It's mostly all quiet off the North East coast these days, but 45 years ago a beached ship at South Shields had local folk heading down to the mouth of the River Tyne to view the drama.

Given the seafaring history of our region, it wasn’t that uncommon to see a vessel in trouble off our shores in the rough North Sea.

If we take the stretch of water between Whitby and Berwick, there were around 380 recorded shipwrecks between 1740 and 2000.

Happily, the stricken ship in our main picture from April 19, 1976, was quickly back at sea.

The 4,400-ton collier Duncansby Head had beached in dense fog on the soft sand alongside the Groyne lighthouse.

The Groyne in South Shields - minus the Duncansby Head - today
The Groyne in South Shields - minus the Duncansby Head - today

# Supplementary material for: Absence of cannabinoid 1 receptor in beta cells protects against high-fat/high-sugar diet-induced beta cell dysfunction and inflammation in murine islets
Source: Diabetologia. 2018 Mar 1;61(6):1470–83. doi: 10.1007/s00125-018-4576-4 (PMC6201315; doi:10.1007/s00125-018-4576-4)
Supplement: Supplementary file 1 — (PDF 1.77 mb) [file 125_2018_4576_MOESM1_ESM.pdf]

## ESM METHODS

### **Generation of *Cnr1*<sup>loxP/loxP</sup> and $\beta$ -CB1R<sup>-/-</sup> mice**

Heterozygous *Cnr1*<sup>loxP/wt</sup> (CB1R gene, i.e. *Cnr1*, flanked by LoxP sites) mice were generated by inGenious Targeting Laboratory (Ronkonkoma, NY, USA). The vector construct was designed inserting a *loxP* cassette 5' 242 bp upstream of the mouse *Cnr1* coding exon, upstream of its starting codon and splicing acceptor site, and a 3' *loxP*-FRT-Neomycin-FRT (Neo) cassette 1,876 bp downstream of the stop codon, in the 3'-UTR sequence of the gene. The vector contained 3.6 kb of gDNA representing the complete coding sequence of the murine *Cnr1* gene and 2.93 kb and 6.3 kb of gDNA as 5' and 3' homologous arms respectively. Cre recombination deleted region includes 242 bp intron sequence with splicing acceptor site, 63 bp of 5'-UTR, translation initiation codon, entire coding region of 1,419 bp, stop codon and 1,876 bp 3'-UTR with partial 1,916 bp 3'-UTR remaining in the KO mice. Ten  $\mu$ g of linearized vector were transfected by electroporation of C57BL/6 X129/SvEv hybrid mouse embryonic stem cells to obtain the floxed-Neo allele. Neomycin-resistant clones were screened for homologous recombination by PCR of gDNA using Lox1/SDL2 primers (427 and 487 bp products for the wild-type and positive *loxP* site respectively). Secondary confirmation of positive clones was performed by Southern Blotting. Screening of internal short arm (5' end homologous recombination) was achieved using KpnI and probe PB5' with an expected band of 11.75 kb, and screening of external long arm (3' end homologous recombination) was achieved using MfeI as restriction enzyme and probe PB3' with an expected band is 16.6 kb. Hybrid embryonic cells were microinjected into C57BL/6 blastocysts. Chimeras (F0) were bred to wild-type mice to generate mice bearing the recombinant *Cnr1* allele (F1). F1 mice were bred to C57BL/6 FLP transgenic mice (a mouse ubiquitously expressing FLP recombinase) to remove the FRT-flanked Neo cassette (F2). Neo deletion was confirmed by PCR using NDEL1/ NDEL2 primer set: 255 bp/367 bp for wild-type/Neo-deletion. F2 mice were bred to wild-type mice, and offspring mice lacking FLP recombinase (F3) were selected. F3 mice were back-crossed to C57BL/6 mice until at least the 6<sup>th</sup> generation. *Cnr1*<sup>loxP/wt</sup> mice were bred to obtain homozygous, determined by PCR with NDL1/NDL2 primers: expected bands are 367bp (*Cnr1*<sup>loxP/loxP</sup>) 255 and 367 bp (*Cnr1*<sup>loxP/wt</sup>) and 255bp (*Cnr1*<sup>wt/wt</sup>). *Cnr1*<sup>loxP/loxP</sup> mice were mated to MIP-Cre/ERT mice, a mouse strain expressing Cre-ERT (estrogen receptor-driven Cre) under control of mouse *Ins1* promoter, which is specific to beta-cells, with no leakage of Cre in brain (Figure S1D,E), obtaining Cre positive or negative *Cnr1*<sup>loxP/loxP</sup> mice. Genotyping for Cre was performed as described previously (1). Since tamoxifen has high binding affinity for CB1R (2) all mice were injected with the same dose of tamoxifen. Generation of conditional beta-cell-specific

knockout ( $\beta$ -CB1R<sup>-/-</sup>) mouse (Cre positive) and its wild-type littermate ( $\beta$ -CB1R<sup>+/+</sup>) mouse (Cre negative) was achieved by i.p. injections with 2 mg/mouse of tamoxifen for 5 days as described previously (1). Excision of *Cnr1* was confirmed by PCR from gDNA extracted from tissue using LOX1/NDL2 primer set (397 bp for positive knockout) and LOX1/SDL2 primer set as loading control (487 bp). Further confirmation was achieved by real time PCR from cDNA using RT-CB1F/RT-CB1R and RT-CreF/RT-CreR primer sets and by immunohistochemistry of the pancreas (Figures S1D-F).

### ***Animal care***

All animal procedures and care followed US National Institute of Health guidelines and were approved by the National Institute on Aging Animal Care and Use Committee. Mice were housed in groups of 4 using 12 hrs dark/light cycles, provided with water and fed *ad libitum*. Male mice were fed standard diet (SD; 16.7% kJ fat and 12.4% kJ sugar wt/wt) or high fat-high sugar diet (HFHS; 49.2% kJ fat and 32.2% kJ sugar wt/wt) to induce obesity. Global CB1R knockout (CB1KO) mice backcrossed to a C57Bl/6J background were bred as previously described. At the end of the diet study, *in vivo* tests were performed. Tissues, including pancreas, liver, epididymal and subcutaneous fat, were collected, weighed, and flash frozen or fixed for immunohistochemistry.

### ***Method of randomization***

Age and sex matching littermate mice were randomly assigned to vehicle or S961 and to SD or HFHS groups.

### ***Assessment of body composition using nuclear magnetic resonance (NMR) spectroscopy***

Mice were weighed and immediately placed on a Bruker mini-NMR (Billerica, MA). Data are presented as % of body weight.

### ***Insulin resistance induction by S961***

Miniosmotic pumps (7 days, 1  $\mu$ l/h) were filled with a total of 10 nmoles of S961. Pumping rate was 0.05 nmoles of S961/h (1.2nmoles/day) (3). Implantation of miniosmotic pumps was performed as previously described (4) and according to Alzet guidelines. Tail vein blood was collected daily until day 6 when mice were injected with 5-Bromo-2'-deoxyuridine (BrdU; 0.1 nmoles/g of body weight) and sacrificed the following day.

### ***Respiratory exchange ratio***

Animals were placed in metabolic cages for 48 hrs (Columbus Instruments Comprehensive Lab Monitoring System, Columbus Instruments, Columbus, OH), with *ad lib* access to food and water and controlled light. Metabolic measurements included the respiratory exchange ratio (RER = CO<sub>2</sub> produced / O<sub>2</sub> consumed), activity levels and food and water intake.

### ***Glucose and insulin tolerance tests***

South Shields' short Groyne Pier had been built between 1861 and 1867, predating the lengthy construction and eventual completion of the Tyne's main North and South Piers by nearly three decades.

The iron lighthouse, one of the town's well-known landmarks, became operational in 1882.

Back in 1976, the North East coalfield was in operation and colliers still shipped coal from staiths on the River Tyne to London and elsewhere.

Hundreds of sightseers gathered to see the Duncansby Head before it refloated under its own steam.

But early morning strollers and fishermen had dashed for safety when they saw the ship looming through the fog.

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South Tyneside Parks Superintendant, Jim Pearson, was on the Groyne when the drama began.

He told the Chronicle: “The fog was dense, then suddenly this huge shape loomed up in front of us and we realised it was a ship’s bow.”

The ship was backed off the beach by the master and Tyne pilot in bright sunshine eight hours after running aground, and the collier was soon back afloat.

Don't miss our new Memory Lane local history website that's packed with archive photographs and has an easy-to-use picture colourisation tool.